When a body is found on the bridge between Denmark and Sweden, right on the border, Danish inspector Martin Rohde and Swedish Saga Norén have to share jurisdiction and work together to find the killer.
When pregnant, 12-year-old Tui tries to kill herself in a freezing New Zealand lake, Detective Robin Griffin has plenty of questions for the girl. But when Tui suddenly disappears, Griffin finds herself knee-deep in small-town secrets.
Thomas M. Wright,
A psychological thriller that examines the lives of two hunters. One is a serial killer who stalks his victims in and around Belfast and the other is a talented Detective Superintendent ... See full summary »
The brutal murder of a young girl launches an extended police investigation. Detective Sarah Lund is supposed to leave for a new life in Sweden, but can't bring herself to leave the case behind. The girl's parents and friends struggle to cope with their loss. Troels Hartmann is campaigning to be mayor of Copenhagen, but struggles when links are revealed between city hall and the murder. Over a time span of twenty days, suspect upon suspect is sought out as violence and political pressures cast their shadows over the hunt for the killer. Two more seasons follow about a series of killings of soldiers and the abduction of an industrial magnate's daughter. Written by
Peter Brandt Nielsen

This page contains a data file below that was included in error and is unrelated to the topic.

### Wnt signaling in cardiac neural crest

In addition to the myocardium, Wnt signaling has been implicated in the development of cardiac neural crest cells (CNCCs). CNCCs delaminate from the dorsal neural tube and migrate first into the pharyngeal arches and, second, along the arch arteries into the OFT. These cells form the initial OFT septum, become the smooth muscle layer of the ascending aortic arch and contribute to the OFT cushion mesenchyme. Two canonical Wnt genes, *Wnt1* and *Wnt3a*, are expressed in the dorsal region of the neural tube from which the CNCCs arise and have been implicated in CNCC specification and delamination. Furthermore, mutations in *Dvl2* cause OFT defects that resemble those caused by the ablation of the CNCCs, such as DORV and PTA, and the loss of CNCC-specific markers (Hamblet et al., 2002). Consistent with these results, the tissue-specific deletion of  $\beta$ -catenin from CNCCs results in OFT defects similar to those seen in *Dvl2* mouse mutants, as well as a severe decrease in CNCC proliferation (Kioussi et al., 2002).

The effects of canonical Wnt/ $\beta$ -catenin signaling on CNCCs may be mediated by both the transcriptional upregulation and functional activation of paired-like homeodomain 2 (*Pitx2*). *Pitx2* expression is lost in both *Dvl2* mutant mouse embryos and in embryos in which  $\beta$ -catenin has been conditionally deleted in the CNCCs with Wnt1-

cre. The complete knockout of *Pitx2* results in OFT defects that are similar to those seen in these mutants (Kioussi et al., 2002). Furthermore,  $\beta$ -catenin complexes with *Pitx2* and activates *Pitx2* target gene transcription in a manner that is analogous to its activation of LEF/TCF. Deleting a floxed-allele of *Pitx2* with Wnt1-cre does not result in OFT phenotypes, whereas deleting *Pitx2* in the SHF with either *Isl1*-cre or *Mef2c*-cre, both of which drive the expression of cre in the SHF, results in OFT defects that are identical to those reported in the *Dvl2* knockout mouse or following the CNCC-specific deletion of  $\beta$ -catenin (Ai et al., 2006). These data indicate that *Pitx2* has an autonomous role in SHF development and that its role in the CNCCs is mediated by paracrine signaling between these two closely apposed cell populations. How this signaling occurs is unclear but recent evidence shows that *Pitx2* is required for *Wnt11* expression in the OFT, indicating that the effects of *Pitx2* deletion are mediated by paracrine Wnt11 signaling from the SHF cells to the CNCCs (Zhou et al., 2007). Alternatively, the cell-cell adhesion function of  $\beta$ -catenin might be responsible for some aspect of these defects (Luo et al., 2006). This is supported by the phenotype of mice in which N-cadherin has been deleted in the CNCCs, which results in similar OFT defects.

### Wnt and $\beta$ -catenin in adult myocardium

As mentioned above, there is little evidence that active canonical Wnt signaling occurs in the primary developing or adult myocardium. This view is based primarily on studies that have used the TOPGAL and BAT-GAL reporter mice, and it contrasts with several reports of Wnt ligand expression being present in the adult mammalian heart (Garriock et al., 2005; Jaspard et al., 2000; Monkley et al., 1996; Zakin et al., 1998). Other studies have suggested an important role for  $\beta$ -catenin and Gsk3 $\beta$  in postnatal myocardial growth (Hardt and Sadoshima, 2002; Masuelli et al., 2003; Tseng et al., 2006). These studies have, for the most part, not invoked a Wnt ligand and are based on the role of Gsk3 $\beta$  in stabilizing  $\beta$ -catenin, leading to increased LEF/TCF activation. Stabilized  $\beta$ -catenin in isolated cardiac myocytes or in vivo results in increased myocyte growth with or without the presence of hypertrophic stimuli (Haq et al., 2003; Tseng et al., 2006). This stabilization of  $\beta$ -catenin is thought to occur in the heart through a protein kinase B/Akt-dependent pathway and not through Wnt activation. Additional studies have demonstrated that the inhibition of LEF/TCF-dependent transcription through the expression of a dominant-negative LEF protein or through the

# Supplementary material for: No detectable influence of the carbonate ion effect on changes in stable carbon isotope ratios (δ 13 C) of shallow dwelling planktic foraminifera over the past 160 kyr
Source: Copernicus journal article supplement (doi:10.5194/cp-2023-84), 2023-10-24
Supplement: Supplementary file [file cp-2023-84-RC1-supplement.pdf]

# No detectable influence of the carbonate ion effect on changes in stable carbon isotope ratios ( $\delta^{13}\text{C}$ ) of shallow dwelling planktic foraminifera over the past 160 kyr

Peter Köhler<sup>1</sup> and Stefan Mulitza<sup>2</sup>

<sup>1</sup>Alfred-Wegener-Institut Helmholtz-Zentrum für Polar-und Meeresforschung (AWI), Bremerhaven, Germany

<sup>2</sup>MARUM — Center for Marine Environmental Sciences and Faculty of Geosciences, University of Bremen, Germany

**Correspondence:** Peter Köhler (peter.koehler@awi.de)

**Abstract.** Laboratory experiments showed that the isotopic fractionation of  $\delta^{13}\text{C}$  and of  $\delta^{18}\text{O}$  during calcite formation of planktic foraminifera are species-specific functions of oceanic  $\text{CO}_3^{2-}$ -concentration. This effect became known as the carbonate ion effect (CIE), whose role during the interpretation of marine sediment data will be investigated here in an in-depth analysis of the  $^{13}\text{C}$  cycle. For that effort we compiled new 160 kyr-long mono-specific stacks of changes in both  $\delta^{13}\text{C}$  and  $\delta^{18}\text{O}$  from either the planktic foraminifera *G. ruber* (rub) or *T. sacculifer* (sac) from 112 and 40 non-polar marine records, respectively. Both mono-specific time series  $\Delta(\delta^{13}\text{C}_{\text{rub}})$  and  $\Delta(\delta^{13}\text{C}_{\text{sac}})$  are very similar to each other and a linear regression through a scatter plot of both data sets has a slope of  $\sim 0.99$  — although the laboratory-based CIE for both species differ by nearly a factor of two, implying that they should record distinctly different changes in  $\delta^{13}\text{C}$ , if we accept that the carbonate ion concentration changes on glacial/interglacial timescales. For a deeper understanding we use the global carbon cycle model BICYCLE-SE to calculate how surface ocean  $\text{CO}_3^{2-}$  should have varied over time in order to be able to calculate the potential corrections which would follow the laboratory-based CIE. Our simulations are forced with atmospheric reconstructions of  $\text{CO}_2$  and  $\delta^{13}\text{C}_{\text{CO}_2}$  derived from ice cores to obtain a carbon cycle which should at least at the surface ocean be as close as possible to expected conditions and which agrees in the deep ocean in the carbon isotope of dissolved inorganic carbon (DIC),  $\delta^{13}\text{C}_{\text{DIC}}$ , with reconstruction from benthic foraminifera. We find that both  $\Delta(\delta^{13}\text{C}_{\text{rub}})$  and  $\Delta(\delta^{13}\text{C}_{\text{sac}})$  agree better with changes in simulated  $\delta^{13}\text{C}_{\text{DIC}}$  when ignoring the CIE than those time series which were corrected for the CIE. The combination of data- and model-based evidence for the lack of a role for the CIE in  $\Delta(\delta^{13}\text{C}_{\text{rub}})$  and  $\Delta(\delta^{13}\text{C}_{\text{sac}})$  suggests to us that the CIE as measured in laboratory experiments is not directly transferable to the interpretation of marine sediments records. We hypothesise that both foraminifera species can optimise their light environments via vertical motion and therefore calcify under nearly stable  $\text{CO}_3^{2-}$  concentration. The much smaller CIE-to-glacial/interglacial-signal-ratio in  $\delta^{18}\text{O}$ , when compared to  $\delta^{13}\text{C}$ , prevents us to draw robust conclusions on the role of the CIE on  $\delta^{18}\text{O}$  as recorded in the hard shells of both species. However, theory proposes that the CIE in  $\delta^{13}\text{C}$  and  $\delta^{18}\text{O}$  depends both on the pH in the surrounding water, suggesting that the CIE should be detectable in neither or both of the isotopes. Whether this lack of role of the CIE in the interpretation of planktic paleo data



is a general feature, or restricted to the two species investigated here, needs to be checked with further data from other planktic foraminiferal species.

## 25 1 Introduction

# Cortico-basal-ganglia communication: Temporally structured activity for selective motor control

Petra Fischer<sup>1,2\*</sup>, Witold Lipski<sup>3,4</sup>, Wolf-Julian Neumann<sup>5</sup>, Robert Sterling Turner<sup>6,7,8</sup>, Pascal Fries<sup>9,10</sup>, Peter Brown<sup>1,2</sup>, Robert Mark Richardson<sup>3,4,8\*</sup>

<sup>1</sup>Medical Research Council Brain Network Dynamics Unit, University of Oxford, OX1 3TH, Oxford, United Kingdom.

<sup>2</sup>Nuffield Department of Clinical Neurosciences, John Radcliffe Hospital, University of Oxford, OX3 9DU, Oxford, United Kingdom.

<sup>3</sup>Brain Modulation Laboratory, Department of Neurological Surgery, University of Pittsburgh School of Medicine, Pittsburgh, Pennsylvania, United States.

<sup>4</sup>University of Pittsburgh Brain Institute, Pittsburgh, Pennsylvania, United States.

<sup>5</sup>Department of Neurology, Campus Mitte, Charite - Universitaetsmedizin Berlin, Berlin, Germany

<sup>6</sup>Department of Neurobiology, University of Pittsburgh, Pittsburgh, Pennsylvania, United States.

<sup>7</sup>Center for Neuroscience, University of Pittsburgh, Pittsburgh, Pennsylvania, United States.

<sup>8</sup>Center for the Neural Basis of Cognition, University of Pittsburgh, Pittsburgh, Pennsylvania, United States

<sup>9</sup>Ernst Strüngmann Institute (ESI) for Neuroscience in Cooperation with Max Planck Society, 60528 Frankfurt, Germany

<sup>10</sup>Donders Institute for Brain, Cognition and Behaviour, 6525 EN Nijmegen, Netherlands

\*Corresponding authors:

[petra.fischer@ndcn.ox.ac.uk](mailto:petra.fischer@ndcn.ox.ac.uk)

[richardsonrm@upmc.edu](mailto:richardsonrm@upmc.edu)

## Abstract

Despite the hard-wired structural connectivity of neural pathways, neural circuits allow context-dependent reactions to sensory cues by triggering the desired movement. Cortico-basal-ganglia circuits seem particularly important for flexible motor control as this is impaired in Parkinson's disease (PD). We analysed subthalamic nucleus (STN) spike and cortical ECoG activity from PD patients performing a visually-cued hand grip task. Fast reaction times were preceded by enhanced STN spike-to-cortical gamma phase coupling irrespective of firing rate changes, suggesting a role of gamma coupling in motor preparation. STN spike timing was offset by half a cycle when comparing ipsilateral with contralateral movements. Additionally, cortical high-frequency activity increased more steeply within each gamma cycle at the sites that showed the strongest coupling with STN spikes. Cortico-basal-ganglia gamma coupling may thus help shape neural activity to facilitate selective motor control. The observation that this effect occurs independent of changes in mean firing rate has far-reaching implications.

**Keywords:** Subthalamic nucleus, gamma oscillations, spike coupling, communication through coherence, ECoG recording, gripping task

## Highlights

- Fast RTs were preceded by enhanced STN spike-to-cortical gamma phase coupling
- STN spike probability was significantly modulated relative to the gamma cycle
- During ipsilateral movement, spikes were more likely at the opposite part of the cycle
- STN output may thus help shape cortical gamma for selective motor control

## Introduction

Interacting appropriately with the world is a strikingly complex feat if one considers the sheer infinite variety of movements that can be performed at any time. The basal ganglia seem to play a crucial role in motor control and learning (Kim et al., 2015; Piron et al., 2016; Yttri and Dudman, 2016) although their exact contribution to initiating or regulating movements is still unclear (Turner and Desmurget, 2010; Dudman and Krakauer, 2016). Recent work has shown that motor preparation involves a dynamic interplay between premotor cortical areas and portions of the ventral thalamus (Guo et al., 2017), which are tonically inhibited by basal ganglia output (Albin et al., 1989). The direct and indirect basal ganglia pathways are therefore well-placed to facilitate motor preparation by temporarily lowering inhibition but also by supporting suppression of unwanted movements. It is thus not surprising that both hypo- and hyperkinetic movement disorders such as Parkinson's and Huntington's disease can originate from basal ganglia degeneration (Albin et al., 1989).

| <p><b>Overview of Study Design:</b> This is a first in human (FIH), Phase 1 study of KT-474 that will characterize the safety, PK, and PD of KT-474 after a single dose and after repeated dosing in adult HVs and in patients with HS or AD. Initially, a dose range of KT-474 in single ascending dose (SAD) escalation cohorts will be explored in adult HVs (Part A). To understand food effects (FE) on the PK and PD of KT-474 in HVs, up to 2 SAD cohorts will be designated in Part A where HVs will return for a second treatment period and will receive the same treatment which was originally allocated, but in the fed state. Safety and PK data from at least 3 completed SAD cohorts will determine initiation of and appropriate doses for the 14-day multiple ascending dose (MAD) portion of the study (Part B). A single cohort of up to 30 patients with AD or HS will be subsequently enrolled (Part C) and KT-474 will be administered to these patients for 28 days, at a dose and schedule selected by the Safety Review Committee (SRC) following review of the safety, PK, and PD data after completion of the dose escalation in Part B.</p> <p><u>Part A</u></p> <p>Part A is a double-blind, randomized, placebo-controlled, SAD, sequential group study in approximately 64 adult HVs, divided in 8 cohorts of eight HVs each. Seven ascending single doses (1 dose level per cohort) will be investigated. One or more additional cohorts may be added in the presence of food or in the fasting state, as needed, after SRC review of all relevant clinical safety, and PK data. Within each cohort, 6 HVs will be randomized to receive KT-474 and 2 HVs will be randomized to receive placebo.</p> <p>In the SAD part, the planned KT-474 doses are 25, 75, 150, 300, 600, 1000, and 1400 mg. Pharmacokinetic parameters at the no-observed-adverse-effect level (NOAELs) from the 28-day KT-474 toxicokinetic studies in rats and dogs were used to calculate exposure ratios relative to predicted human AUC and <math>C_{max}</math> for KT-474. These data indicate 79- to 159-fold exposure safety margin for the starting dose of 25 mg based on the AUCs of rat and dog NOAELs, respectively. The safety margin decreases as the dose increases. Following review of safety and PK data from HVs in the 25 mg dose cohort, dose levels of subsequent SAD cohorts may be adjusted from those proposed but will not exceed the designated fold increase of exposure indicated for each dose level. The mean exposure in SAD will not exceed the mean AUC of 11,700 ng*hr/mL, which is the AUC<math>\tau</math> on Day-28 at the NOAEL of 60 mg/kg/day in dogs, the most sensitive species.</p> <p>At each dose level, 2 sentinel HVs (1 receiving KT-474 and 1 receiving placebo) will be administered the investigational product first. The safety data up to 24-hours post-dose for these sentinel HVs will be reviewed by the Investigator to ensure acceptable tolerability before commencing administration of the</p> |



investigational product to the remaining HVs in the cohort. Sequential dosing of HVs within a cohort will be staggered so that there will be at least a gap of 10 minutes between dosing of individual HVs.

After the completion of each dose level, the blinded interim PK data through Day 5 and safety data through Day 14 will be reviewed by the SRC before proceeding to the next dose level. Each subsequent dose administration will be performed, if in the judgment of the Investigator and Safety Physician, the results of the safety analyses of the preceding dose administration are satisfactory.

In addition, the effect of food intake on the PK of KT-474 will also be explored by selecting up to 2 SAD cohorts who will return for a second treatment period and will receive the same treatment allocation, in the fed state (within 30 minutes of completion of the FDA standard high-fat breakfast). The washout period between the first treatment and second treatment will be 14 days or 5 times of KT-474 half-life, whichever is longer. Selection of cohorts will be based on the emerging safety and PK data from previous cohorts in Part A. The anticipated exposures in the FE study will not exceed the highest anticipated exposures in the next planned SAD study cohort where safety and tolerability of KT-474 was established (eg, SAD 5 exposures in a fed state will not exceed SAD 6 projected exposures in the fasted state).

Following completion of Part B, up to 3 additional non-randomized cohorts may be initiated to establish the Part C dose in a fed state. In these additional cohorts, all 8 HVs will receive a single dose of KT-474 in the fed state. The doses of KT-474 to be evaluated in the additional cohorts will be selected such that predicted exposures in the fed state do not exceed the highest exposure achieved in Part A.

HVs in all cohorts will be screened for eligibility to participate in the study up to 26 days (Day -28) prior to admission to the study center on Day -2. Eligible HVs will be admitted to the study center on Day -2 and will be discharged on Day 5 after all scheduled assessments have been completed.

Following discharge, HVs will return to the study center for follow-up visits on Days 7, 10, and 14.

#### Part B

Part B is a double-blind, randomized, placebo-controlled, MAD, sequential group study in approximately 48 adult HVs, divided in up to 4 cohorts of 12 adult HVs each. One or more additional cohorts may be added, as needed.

Often once can criticise mainstream film an television for falling into the standard conventions of genre. Danish drama 'The Killing', for example, is only pseudo-naturalistic: it's highly manipulative, and, if you take all of its plot twists together, as risible as any other story where one death magically leads to a chain of others to keep the story alive. But it's also the best thing I've seen on TV for years. Over twenty episodes, those plot twists actually come pretty slowly; the drama treats its audience like adults; there's some highly absorbing interplay between a police investigation and political circles (as in the later series of 'The Wire'); and above all else, there are some of the best characters I've ever seen in a TV drama. The lead parts, Lund (Sofie Grabol) and Hartmann (Lare Mikkelsen), are especially good (and in a strange way, not altogether unlike each other): neither is a conventional hero (or villain), neither is even particularly personally likable, but you still will them on. But the lesser characters are no less absorbing; and even the guilty man is still plainly human, although as episode twenty throws up a new and surprising twist, one can't be altogether certain what he is guilty of. Few other programs have left me so entranced; if the second series keeps this up, it will be a true great.
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